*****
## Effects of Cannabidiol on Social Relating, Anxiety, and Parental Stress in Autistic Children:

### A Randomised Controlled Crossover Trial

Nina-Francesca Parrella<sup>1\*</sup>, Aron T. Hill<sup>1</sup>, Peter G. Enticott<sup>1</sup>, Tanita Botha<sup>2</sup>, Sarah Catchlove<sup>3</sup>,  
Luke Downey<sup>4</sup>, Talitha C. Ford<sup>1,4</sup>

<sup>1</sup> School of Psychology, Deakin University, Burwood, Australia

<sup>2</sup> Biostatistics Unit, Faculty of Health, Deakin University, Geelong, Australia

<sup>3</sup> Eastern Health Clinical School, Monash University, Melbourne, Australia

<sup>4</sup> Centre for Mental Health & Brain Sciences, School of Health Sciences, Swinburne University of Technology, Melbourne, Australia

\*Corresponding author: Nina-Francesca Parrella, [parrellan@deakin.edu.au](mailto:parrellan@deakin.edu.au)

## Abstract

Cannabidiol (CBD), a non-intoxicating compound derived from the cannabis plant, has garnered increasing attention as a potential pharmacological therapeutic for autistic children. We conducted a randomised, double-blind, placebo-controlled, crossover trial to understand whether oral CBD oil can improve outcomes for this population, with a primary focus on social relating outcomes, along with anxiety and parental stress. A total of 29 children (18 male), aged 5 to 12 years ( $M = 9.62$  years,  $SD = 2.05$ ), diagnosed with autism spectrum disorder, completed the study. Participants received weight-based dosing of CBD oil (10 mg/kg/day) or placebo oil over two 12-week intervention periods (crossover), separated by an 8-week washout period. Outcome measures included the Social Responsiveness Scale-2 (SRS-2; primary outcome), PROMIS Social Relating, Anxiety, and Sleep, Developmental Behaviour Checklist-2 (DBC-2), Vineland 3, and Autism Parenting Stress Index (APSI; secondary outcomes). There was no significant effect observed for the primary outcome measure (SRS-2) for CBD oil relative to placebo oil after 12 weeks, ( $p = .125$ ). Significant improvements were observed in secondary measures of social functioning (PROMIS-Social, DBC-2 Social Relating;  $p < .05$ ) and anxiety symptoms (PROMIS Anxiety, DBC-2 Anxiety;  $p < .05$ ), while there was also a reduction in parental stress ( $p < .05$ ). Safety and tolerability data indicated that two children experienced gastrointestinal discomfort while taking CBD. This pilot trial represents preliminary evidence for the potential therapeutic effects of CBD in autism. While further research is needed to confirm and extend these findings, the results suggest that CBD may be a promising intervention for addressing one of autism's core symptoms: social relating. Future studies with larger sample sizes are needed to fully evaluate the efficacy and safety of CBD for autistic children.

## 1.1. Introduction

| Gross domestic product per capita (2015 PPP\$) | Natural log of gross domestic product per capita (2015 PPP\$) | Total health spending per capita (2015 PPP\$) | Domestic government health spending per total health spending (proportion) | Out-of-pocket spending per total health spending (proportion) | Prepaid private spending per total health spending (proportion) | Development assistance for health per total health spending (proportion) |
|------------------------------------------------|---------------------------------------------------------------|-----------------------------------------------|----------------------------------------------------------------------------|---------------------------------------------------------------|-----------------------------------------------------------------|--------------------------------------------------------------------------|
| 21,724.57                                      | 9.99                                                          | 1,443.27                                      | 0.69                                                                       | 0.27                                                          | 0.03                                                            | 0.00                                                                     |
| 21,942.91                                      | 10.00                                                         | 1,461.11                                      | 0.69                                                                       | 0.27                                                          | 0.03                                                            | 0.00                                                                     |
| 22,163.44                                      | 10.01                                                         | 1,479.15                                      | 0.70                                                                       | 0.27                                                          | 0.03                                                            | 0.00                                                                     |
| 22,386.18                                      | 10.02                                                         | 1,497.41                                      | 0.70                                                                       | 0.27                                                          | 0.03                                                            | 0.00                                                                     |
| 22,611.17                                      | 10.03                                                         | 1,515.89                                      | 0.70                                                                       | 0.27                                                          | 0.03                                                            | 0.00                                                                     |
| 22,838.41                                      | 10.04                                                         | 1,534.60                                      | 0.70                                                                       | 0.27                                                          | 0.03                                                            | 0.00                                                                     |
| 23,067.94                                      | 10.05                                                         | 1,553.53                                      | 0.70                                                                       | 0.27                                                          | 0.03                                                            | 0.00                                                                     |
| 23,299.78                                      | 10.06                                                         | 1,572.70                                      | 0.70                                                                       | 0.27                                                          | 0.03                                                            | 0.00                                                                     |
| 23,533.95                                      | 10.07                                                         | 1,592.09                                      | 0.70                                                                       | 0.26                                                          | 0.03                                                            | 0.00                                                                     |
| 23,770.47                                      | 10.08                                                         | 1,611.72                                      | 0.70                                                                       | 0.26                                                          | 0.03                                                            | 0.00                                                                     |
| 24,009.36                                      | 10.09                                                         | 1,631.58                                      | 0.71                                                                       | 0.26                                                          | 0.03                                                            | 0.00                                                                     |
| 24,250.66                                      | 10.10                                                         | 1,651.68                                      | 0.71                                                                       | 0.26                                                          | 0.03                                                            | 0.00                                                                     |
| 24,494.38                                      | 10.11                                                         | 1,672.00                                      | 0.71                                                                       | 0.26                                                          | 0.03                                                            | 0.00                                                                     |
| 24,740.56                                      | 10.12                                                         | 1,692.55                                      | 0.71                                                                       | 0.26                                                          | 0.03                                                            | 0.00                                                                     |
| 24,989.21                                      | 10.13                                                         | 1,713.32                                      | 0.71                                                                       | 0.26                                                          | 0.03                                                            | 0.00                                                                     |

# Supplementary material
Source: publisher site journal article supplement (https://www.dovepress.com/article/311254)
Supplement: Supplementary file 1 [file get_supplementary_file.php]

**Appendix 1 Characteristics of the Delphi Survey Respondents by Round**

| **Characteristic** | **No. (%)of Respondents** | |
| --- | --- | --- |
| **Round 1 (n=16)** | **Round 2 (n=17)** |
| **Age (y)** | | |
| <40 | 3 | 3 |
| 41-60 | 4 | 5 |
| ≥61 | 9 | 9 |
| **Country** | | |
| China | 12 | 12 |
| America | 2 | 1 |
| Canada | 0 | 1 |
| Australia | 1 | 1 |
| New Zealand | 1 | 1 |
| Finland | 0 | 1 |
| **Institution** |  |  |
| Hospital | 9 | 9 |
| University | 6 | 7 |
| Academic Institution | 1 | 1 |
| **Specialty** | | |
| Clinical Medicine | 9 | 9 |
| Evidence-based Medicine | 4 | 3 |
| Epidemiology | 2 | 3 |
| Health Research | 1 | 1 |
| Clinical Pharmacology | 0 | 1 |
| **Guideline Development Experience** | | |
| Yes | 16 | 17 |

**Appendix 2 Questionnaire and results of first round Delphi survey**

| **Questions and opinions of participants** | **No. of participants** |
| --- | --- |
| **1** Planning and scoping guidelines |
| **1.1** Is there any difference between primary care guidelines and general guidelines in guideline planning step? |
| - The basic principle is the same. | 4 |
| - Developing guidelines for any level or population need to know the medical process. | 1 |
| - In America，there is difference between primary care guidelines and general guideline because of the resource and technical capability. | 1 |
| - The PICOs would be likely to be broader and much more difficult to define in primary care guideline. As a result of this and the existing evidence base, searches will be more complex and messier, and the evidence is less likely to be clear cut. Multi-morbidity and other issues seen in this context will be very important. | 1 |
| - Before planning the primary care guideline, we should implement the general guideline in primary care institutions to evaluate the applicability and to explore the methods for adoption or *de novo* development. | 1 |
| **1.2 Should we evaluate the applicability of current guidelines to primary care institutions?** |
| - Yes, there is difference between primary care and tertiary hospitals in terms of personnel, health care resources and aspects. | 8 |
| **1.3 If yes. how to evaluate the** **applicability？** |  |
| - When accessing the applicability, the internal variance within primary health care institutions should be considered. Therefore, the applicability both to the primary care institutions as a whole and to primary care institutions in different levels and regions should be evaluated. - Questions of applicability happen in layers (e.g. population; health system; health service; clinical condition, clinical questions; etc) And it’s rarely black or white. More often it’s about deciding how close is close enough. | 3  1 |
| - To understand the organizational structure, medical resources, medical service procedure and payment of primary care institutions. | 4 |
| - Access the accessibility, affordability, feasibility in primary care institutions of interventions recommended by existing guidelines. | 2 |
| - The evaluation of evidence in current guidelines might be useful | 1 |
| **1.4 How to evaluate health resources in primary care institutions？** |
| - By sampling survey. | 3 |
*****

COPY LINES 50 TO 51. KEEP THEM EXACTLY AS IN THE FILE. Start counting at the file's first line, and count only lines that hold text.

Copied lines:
| University | 6 | 7 |
| Academic Institution | 1 | 1 |